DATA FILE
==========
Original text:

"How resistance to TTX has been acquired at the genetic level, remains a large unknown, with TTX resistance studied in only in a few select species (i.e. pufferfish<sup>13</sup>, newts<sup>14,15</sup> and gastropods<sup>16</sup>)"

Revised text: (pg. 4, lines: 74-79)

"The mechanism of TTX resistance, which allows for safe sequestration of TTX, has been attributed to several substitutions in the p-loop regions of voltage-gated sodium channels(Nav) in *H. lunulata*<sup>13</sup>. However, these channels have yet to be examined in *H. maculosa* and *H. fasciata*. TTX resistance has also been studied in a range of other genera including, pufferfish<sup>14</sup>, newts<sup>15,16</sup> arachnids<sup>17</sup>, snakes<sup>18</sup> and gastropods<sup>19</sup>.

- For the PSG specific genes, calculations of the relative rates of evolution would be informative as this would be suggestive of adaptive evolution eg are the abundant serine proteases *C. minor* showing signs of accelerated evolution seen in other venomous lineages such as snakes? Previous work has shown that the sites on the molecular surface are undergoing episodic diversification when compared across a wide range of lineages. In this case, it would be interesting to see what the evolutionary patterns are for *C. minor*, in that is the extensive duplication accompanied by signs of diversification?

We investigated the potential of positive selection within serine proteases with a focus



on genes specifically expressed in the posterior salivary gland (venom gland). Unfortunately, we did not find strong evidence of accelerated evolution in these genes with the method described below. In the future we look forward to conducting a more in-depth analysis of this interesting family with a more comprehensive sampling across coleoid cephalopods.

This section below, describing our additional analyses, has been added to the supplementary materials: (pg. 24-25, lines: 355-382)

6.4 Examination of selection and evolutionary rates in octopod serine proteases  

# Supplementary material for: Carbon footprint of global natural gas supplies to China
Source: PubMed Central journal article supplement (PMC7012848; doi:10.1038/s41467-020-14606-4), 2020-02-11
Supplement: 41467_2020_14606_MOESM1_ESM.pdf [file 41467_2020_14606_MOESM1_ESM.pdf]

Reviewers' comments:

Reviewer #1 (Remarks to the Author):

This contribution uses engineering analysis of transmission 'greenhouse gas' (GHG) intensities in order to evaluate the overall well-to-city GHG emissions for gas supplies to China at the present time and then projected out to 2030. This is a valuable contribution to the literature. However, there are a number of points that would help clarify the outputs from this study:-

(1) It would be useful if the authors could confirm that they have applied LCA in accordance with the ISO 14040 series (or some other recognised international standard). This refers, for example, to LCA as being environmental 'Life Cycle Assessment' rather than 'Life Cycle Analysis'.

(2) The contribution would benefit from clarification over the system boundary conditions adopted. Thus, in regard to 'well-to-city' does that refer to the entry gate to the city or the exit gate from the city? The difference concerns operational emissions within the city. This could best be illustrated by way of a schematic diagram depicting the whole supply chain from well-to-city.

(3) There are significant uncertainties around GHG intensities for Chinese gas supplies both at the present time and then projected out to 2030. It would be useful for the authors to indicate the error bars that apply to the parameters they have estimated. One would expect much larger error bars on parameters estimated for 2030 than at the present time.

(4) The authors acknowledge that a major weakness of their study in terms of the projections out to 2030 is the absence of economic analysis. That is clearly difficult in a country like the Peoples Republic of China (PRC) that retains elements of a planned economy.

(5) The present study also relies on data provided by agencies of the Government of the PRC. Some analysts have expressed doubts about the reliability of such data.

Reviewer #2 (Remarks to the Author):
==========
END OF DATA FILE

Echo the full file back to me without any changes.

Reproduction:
Original text:

"How resistance to TTX has been acquired at the genetic level, remains a large unknown, with TTX resistance studied in only in a few select species (i.e. pufferfish<sup>13</sup>, newts<sup>14,15</sup> and gastropods<sup>16</sup>)"

Revised text: (pg. 4, lines: 74-79)

"The mechanism of TTX resistance, which allows for safe sequestration of TTX, has been attributed to several substitutions in the p-loop regions of voltage-gated sodium channels(Nav) in *H. lunulata*<sup>13</sup>. However, these channels have yet to be examined in *H. maculosa* and *H. fasciata*. TTX resistance has also been studied in a range of other genera including, pufferfish<sup>14</sup>, newts<sup>15,16</sup> arachnids<sup>17</sup>, snakes<sup>18</sup> and gastropods<sup>19</sup>.

- For the PSG specific genes, calculations of the relative rates of evolution would be informative as this would be suggestive of adaptive evolution eg are the abundant serine proteases *C. minor* showing signs of accelerated evolution seen in other venomous lineages such as snakes? Previous work has shown that the sites on the molecular surface are undergoing episodic diversification when compared across a wide range of lineages. In this case, it would be interesting to see what the evolutionary patterns are for *C. minor*, in that is the extensive duplication accompanied by signs of diversification?

We investigated the potential of positive selection within serine proteases with a focus



on genes specifically expressed in the posterior salivary gland (venom gland). Unfortunately, we did not find strong evidence of accelerated evolution in these genes with the method described below. In the future we look forward to conducting a more in-depth analysis of this interesting family with a more comprehensive sampling across coleoid cephalopods.

This section below, describing our additional analyses, has been added to the supplementary materials: (pg. 24-25, lines: 355-382)

6.4 Examination of selection and evolutionary rates in octopod serine proteases  

# Supplementary material for: Carbon footprint of global natural gas supplies to China
Source: PubMed Central journal article supplement (PMC7012848; doi:10.1038/s41467-020-14606-4), 2020-02-11
Supplement: 41467_2020_14606_MOESM1_ESM.pdf [file 41467_2020_14606_MOESM1_ESM.pdf]

Reviewers' comments:

Reviewer #1 (Remarks to the Author):

This contribution uses engineering analysis of transmission 'greenhouse gas' (GHG) intensities in order to evaluate the overall well-to-city GHG emissions for gas supplies to China at the present time and then projected out to 2030. This is a valuable contribution to the literature. However, there are a number of points that would help clarify the outputs from this study:-

(1) It would be useful if the authors could confirm that they have applied LCA in accordance with the ISO 14040 series (or some other recognised international standard). This refers, for example, to LCA as being environmental 'Life Cycle Assessment' rather than 'Life Cycle Analysis'.

(2) The contribution would benefit from clarification over the system boundary conditions adopted. Thus, in regard to 'well-to-city' does that refer to the entry gate to the city or the exit gate from the city? The difference concerns operational emissions within the city. This could best be illustrated by way of a schematic diagram depicting the whole supply chain from well-to-city.

(3) There are significant uncertainties around GHG intensities for Chinese gas supplies both at the present time and then projected out to 2030. It would be useful for the authors to indicate the error bars that apply to the parameters they have estimated. One would expect much larger error bars on parameters estimated for 2030 than at the present time.

(4) The authors acknowledge that a major weakness of their study in terms of the projections out to 2030 is the absence of economic analysis. That is clearly difficult in a country like the Peoples Republic of China (PRC) that retains elements of a planned economy.

(5) The present study also relies on data provided by agencies of the Government of the PRC. Some analysts have expressed doubts about the reliability of such data.

Reviewer #2 (Remarks to the Author):